Taylor Scott, American Renaissance, March 2004
In most parts of the United States, Hispanic criminals are reported in police statistics as “white,” thereby artificially inflating the white crime rate. California, one of the few states that keeps separate statistics on crimes committed by Hispanics, reports that they are more than twice as likely as whites to be arrested for rape and other sex crimes, and about three times more likely to be arrested for violent crimes of all kinds.
There are no publicly-available ethnic breakdowns on sexual offenses against children, but news accounts suggest a predilection among Hispanic predators for very young victims. All but one of the following incidents were never reported outside their local areas, and a thorough search would no doubt uncover others. To be sure, horrible offenders are found in every ethnic group, but the following haphazard collection of assaults — all of them recent — suggests a unusual level of odiousness. Had the perpetrators been white, some of the crimes could well have become national news.
In July 2003, police charged José Alvarado, a Salvadoran illegal, with raping the five-year-old son of a woman who rented him a room in Rockville, Maryland. Mr. Alvarado was deported in 1998 for molesting a 10-year-old boy, but sneaked back into the country to commit a similar crime.
In Denver, Colorado, Erick Salazar-Rivasplata was sentenced on Sept. 12, 2003, to at least 60 years in prison for kidnapping and raping first-grade girls. In the fall of 2000, he abducted and raped a seven-year-old as she walked to school. In January 2001, he committed the same crime with another seven-year-old. Prosecutors said Mr. Salazar-Rivasplata “planned, watched and waited” for his victims.
In 2001, Salomé “Sal” Gonzalez was convicted of raping a nine-year-old girl and photographing his crimes. In March 2003, while he was in prison, officials found evidence that he raped and killed an eight-year-old in Pontiac, Michigan, in 1995. He had raped her on numerous occasions, and when she threatened to report him he shot her in the back yard of her home.
In May 2003, Oregon police arrested Tania Sonia Perez, 31, for letting two Hispanic men have sex with her 11-year-old daughter. Miss Perez’s activities came to the attention of authorities when county juvenile officials discovered her daughter was pregnant. The girl turned 12 before giving birth to a baby girl in August.
In September 2003, Miami police arrested Elias Rapalo, 32, a Honduran immigrant in the United States on an expired visa. His DNA matched forensic samples from a series of seven rapes of victims ranging in age from 11 to 79.
On Jan. 28, 2004, the Justice Department announced the indictment of three Mexican brothers on charges of smuggling young girls into the United States and forcing them into prostitution in the Atlanta area. Juan Reyes Rojas, José Reyes Rojas and Raul Reyes Rojas promised the girls jobs, marched them across the border, and forced them to have sex with many men every day.
On May 19, 2002, eight Hispanics brutally gang-raped a girl in a Madera County, California, vineyard. The victim was 12 years old.
In March 2003, Raul Cortez-Herrera and Gabriel Hernandez were charged with rape in Montesano, Washington. Their victim was also 12 years old.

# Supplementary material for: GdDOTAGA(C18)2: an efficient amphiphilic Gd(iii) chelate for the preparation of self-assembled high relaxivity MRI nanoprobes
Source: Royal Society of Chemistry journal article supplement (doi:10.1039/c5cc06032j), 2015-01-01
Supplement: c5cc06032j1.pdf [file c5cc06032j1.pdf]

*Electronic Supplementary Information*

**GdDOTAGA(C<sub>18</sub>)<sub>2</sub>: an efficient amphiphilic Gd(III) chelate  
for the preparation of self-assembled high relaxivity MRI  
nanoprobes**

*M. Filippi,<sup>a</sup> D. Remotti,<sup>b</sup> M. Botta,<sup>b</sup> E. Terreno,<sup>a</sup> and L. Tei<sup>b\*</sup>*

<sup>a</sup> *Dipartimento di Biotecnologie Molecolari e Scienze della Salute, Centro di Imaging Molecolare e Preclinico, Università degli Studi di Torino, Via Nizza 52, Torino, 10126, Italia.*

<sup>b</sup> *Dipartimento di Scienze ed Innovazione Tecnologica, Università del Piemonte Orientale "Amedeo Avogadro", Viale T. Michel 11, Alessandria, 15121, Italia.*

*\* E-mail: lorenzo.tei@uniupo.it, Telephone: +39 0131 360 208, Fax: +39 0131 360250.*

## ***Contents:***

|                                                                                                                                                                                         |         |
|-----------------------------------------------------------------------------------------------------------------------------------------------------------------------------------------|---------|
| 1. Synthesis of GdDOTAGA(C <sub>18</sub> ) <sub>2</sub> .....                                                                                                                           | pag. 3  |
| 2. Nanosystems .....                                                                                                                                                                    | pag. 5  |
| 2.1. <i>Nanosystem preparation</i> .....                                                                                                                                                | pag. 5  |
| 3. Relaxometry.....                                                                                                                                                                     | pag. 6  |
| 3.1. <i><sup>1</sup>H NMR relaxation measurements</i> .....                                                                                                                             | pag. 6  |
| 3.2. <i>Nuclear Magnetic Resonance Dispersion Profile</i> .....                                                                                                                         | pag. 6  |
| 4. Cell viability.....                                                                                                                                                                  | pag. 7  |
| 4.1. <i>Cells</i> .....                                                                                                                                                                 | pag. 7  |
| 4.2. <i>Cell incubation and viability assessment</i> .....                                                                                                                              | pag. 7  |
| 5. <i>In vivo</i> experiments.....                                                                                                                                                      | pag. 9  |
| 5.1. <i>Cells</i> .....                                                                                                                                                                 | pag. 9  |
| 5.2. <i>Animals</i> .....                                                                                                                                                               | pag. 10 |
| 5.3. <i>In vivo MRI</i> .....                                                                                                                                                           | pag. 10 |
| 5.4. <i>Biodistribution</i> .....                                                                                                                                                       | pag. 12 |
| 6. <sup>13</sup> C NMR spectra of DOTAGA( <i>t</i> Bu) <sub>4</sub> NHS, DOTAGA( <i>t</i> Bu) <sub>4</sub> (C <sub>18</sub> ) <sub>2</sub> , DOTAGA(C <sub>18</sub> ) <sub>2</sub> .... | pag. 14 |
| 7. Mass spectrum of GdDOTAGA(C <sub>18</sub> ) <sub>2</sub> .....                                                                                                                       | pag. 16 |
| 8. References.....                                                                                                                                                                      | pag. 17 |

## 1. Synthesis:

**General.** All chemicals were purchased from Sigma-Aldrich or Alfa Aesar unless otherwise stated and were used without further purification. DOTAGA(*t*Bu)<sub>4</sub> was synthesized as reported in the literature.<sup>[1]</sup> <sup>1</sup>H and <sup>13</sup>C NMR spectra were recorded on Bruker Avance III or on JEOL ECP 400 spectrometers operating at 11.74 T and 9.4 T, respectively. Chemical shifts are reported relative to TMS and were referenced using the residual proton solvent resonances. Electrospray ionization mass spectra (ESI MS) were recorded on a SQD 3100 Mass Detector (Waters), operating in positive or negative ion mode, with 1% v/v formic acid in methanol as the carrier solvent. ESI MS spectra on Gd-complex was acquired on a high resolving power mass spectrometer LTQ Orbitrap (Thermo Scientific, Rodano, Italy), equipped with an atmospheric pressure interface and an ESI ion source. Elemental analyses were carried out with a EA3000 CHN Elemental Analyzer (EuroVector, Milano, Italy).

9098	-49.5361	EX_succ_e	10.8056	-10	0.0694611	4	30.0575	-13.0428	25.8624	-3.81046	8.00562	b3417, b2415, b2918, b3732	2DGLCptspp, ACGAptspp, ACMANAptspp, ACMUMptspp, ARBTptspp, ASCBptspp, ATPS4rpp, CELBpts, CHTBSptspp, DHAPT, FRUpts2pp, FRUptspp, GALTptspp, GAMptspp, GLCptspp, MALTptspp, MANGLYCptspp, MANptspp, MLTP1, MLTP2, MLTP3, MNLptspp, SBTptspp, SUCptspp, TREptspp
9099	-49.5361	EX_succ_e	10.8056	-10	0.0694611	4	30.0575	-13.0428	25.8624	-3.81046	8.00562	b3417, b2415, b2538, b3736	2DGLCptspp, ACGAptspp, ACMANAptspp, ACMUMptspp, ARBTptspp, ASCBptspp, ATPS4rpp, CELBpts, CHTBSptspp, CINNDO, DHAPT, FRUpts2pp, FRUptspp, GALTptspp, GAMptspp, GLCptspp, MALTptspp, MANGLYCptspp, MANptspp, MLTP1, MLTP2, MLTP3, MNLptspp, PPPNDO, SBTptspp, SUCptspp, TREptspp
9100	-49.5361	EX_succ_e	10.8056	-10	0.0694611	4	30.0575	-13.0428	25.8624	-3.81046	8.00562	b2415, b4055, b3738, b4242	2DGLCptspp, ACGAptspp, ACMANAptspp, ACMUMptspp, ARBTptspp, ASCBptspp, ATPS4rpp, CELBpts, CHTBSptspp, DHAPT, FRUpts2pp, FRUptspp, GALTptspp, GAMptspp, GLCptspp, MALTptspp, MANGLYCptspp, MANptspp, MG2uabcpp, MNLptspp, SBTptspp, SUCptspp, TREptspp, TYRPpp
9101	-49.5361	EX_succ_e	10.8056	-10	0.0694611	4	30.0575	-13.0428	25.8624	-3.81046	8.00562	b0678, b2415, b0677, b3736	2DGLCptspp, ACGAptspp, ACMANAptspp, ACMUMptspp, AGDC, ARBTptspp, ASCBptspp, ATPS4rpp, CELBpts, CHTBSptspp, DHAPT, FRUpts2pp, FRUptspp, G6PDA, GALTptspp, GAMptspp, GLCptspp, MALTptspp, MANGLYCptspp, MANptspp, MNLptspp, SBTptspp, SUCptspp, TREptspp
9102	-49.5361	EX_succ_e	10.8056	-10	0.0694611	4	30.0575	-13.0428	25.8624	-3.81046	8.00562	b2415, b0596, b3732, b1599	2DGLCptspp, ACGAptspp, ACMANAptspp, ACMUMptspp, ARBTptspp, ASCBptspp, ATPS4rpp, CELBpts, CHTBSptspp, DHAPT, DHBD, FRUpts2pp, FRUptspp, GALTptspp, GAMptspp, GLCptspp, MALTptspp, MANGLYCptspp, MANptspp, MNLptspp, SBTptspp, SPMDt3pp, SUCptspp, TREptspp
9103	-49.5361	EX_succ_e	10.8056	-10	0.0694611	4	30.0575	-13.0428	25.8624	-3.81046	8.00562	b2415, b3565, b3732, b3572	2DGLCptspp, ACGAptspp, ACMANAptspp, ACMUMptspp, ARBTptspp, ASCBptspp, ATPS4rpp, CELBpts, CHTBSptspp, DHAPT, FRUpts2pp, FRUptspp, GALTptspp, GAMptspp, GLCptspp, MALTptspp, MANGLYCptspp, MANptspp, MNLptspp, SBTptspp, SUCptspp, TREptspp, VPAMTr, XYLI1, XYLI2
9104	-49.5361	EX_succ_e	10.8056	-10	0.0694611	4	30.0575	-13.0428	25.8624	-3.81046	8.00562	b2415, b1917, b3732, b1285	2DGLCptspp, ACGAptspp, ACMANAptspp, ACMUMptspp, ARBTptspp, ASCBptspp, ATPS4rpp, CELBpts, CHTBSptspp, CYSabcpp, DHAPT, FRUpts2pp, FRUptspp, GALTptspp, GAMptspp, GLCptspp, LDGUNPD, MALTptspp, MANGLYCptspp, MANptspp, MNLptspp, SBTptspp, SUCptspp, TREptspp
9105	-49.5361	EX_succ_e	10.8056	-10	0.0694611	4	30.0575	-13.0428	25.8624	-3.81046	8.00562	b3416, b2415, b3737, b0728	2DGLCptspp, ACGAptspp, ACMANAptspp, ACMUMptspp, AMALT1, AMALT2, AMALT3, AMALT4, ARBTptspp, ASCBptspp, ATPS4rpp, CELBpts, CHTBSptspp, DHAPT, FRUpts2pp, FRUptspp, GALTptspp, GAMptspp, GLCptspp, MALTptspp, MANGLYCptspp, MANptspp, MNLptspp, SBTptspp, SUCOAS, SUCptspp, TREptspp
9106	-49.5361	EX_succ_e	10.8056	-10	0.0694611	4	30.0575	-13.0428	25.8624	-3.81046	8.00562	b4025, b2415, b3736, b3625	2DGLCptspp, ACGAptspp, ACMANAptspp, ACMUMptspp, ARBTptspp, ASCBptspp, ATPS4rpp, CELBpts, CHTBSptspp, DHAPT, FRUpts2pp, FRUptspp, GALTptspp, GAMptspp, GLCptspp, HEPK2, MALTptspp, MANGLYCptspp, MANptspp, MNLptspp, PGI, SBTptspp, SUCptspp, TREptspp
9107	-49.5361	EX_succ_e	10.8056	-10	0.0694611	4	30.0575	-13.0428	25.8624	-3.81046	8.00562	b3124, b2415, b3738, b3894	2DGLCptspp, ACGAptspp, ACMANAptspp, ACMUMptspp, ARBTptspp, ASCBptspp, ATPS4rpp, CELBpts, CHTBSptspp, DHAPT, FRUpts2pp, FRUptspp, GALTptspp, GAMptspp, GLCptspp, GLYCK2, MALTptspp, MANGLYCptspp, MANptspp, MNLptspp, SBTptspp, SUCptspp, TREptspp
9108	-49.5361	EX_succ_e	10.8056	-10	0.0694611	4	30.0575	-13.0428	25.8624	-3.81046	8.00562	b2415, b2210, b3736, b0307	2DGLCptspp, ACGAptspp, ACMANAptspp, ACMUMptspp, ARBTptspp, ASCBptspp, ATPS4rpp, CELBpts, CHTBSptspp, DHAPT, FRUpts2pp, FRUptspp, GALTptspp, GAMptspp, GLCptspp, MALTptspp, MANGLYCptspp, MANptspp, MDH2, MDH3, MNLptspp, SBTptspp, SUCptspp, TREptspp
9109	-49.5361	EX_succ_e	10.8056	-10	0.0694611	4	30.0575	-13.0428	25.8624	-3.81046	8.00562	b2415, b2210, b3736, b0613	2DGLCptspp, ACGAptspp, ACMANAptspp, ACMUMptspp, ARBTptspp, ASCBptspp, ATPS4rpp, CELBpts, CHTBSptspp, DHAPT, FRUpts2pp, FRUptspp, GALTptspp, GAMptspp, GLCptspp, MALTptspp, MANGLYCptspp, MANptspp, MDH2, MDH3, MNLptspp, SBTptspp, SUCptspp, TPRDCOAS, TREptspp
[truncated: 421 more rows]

On New Year’s Day 2003, four members of a Hispanic street gang kidnapped a 16-year-old girl in Des Moines, Iowa, and drove her around for three hours while they took turns raping her. The men stopped for refreshments at a convenience store, and police were able to identify Juan Murillo, 22, from the surveillance video.
Of these crimes, the only one to get any publicity was that of Waldina Flores, a woman who molested the daughter of a Florida family who employed her as a nanny. Miss Flores admitted in a Fort Lauderdale courtroom that she began molesting Lauren Book when the girl was 12, and continued doing so until she was 16. The girl’s father, Ron Book, said the 35-year-old Miss Flores “brainwashed” his daughter. On Oct. 10, 2002, Miss Flores was given a 15-year sentence but continued in prison to write Lauren letters that her father called “disgusting and despicable.” This story became known only because Mr. Book was an influential Florida lobbyist.
Miguel Loza is accused of slashing a 17-year-old California girl’s throat and then raping her friend. The 17-year-old died six months after the February 2003 attack, never regaining consciousness. Mr. Loza faces charges of homicide, sodomy, assault with a deadly weapon and forcible sex assault on a child, but prosecutors in Santa Cruz County cannot bring him to trial. Mr. Loza fled across the border and is behind bars in Mexico City, but officials there refuse to extradite him.
For years, Mexico has refused extradition of citizens who may face the death penalty, and US prosecutors have sometimes managed to get their hands on Mexicans by promising a maximum penalty of life without possibility of parole. In October 2001, the Mexican supreme court ruled that life without parole violates the Mexican constitution. As the San Francisco Chronicle explains, “Extradition is now routinely denied in more that 40 categories of serious crime that are punishable by possible life terms under California [and other state] law.”
This policy has made Mexico a haven for murderers. A Los Angeles prosecutor has compiled a list of 246 suspects — most of them accused murderers — known to have fled to Mexico, and this is only the number wanted in California.
Mexican courts sometimes prosecute fugitive criminals, but are often lenient toward those who kill in the United States. In one case, a man wanted for murder in Los Angeles was sentenced by a Mexican court to eight years in prison, but on appeal, got only weekend jail time. He soon returned to Los Angeles, where a prosecutor explained he could do nothing because of the US Constitution’s prohibition against double jeopardy.